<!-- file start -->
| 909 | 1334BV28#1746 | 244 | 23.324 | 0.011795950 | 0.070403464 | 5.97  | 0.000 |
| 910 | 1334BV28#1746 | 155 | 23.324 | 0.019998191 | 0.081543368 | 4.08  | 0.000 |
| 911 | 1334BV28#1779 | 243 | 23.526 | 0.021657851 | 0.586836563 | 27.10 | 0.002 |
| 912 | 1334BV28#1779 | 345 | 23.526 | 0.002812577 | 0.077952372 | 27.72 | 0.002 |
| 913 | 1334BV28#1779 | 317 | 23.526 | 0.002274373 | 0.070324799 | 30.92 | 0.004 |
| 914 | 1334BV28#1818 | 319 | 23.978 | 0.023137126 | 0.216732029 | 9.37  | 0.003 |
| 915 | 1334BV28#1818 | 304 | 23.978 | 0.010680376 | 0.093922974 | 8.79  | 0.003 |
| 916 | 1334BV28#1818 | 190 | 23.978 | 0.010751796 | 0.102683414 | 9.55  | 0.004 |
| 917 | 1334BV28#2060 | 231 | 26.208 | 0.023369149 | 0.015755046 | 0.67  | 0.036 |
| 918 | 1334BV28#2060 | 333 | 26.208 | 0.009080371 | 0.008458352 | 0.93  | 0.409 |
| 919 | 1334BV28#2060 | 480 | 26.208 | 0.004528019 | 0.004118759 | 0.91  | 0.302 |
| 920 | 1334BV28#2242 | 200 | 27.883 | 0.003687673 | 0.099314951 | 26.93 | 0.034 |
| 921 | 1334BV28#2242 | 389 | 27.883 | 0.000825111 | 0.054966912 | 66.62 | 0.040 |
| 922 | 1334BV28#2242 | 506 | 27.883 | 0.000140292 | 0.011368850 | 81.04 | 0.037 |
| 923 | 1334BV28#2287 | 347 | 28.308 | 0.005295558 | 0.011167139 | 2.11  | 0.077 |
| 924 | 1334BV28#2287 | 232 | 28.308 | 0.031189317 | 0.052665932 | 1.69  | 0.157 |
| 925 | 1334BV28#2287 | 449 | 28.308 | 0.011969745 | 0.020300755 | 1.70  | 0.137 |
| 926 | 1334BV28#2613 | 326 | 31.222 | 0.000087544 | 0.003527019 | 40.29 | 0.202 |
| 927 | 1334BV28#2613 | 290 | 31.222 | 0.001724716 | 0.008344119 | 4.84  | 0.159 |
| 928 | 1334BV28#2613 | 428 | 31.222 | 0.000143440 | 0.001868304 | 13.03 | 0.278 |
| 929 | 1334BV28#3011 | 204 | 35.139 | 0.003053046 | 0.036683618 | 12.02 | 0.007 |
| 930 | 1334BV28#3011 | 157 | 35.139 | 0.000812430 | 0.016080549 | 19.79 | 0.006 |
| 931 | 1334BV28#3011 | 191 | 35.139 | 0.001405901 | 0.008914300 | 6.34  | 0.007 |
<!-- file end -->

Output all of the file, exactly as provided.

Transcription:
| 909 | 1334BV28#1746 | 244 | 23.324 | 0.011795950 | 0.070403464 | 5.97  | 0.000 |
| 910 | 1334BV28#1746 | 155 | 23.324 | 0.019998191 | 0.081543368 | 4.08  | 0.000 |
| 911 | 1334BV28#1779 | 243 | 23.526 | 0.021657851 | 0.586836563 | 27.10 | 0.002 |
| 912 | 1334BV28#1779 | 345 | 23.526 | 0.002812577 | 0.077952372 | 27.72 | 0.002 |
| 913 | 1334BV28#1779 | 317 | 23.526 | 0.002274373 | 0.070324799 | 30.92 | 0.004 |
| 914 | 1334BV28#1818 | 319 | 23.978 | 0.023137126 | 0.216732029 | 9.37  | 0.003 |
| 915 | 1334BV28#1818 | 304 | 23.978 | 0.010680376 | 0.093922974 | 8.79  | 0.003 |
| 916 | 1334BV28#1818 | 190 | 23.978 | 0.010751796 | 0.102683414 | 9.55  | 0.004 |
| 917 | 1334BV28#2060 | 231 | 26.208 | 0.023369149 | 0.015755046 | 0.67  | 0.036 |
| 918 | 1334BV28#2060 | 333 | 26.208 | 0.009080371 | 0.008458352 | 0.93  | 0.409 |
| 919 | 1334BV28#2060 | 480 | 26.208 | 0.004528019 | 0.004118759 | 0.91  | 0.302 |
| 920 | 1334BV28#2242 | 200 | 27.883 | 0.003687673 | 0.099314951 | 26.93 | 0.034 |
| 921 | 1334BV28#2242 | 389 | 27.883 | 0.000825111 | 0.054966912 | 66.62 | 0.040 |
| 922 | 1334BV28#2242 | 506 | 27.883 | 0.000140292 | 0.011368850 | 81.04 | 0.037 |
| 923 | 1334BV28#2287 | 347 | 28.308 | 0.005295558 | 0.011167139 | 2.11  | 0.077 |
| 924 | 1334BV28#2287 | 232 | 28.308 | 0.031189317 | 0.052665932 | 1.69  | 0.157 |
| 925 | 1334BV28#2287 | 449 | 28.308 | 0.011969745 | 0.020300755 | 1.70  | 0.137 |
| 926 | 1334BV28#2613 | 326 | 31.222 | 0.000087544 | 0.003527019 | 40.29 | 0.202 |
| 927 | 1334BV28#2613 | 290 | 31.222 | 0.001724716 | 0.008344119 | 4.84  | 0.159 |
| 928 | 1334BV28#2613 | 428 | 31.222 | 0.000143440 | 0.001868304 | 13.03 | 0.278 |
| 929 | 1334BV28#3011 | 204 | 35.139 | 0.003053046 | 0.036683618 | 12.02 | 0.007 |
| 930 | 1334BV28#3011 | 157 | 35.139 | 0.000812430 | 0.016080549 | 19.79 | 0.006 |
| 931 | 1334BV28#3011 | 191 | 35.139 | 0.001405901 | 0.008914300 | 6.34  | 0.007 |